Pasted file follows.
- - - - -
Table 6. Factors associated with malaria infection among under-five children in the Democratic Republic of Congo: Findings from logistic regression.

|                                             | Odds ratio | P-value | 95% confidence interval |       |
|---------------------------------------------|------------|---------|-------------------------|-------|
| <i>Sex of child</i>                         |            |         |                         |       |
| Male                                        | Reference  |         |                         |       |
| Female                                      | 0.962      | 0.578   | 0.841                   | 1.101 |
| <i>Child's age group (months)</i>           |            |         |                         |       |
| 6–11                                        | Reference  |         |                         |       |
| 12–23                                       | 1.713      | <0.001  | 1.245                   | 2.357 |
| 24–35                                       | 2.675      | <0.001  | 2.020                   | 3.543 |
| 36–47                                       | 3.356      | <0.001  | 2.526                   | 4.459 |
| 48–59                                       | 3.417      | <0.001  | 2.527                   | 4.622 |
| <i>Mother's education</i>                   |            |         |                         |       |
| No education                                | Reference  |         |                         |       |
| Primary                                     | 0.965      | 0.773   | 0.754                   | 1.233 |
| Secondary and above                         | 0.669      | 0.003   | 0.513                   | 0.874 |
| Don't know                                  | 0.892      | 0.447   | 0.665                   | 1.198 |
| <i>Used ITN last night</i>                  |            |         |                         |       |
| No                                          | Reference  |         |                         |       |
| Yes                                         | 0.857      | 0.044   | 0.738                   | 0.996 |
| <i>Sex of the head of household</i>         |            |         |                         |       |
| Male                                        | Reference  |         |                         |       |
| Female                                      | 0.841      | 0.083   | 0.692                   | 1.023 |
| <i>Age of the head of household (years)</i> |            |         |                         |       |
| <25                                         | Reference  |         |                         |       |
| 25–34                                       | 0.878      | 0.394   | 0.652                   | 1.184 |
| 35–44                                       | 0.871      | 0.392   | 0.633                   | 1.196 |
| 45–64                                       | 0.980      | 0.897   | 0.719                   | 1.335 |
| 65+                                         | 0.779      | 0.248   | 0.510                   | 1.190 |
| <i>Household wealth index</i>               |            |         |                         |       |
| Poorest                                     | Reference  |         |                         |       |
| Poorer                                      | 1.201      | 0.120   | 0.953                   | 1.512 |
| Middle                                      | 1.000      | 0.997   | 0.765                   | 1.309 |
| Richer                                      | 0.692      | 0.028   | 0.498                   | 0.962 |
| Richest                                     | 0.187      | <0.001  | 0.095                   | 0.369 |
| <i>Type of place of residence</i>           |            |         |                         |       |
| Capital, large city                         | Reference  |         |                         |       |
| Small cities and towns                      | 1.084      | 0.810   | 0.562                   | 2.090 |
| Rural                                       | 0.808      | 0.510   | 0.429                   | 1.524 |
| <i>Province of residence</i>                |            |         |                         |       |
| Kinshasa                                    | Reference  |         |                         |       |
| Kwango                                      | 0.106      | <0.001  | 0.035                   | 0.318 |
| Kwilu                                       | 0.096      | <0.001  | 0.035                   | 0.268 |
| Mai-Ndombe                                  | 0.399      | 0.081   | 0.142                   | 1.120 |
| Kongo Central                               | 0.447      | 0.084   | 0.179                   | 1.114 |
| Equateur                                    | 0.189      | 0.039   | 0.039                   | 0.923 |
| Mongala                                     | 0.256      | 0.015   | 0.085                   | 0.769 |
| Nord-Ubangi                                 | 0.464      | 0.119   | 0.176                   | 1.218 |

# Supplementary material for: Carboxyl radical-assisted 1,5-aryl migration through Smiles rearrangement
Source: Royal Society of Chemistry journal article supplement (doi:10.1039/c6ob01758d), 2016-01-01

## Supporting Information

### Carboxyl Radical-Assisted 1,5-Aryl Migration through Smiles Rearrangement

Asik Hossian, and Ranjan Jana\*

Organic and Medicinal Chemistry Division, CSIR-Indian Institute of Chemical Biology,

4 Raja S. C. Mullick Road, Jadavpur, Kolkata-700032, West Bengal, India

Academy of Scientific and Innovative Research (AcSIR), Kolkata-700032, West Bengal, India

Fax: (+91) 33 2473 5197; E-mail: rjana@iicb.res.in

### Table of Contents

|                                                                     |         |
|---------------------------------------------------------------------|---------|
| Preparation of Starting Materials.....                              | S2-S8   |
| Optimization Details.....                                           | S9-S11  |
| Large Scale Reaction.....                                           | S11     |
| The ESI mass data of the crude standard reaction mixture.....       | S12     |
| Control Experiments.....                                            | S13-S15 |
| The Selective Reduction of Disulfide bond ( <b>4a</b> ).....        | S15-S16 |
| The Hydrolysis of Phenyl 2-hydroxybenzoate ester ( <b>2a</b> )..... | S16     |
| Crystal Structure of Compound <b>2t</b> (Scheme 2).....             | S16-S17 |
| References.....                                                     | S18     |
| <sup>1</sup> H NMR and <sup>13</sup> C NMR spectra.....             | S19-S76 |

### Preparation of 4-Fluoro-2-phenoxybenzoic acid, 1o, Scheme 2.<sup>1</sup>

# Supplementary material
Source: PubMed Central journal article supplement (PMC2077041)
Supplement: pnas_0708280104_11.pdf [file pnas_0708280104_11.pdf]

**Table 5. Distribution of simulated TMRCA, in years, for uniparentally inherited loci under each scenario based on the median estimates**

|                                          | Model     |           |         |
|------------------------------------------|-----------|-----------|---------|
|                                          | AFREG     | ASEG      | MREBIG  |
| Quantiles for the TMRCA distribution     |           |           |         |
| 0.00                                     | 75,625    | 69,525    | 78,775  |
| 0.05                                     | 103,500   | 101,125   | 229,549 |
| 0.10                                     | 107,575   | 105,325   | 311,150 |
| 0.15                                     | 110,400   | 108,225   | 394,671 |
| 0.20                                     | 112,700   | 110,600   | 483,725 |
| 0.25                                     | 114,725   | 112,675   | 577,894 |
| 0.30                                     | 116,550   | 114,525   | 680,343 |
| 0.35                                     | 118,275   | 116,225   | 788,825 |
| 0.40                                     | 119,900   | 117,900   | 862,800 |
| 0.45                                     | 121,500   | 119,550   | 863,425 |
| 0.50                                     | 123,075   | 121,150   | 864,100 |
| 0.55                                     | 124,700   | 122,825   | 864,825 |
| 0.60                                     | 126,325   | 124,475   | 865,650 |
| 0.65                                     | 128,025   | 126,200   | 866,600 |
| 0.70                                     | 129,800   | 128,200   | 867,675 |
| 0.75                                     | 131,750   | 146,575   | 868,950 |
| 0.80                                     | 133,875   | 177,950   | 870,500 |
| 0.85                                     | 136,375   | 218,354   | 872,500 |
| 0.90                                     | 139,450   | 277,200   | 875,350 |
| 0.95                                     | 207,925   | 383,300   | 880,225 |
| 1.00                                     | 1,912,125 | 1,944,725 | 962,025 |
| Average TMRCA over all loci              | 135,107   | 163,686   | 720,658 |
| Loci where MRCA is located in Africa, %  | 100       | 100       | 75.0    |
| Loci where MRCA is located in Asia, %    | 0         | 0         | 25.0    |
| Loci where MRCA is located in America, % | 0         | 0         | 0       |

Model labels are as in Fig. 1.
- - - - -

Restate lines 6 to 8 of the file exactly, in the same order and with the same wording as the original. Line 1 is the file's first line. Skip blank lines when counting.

| Female                                      | 0.962      | 0.578   | 0.841                   | 1.101 |
| <i>Child's age group (months)</i>           |            |         |                         |       |
| 6–11                                        | Reference  |         |                         |       |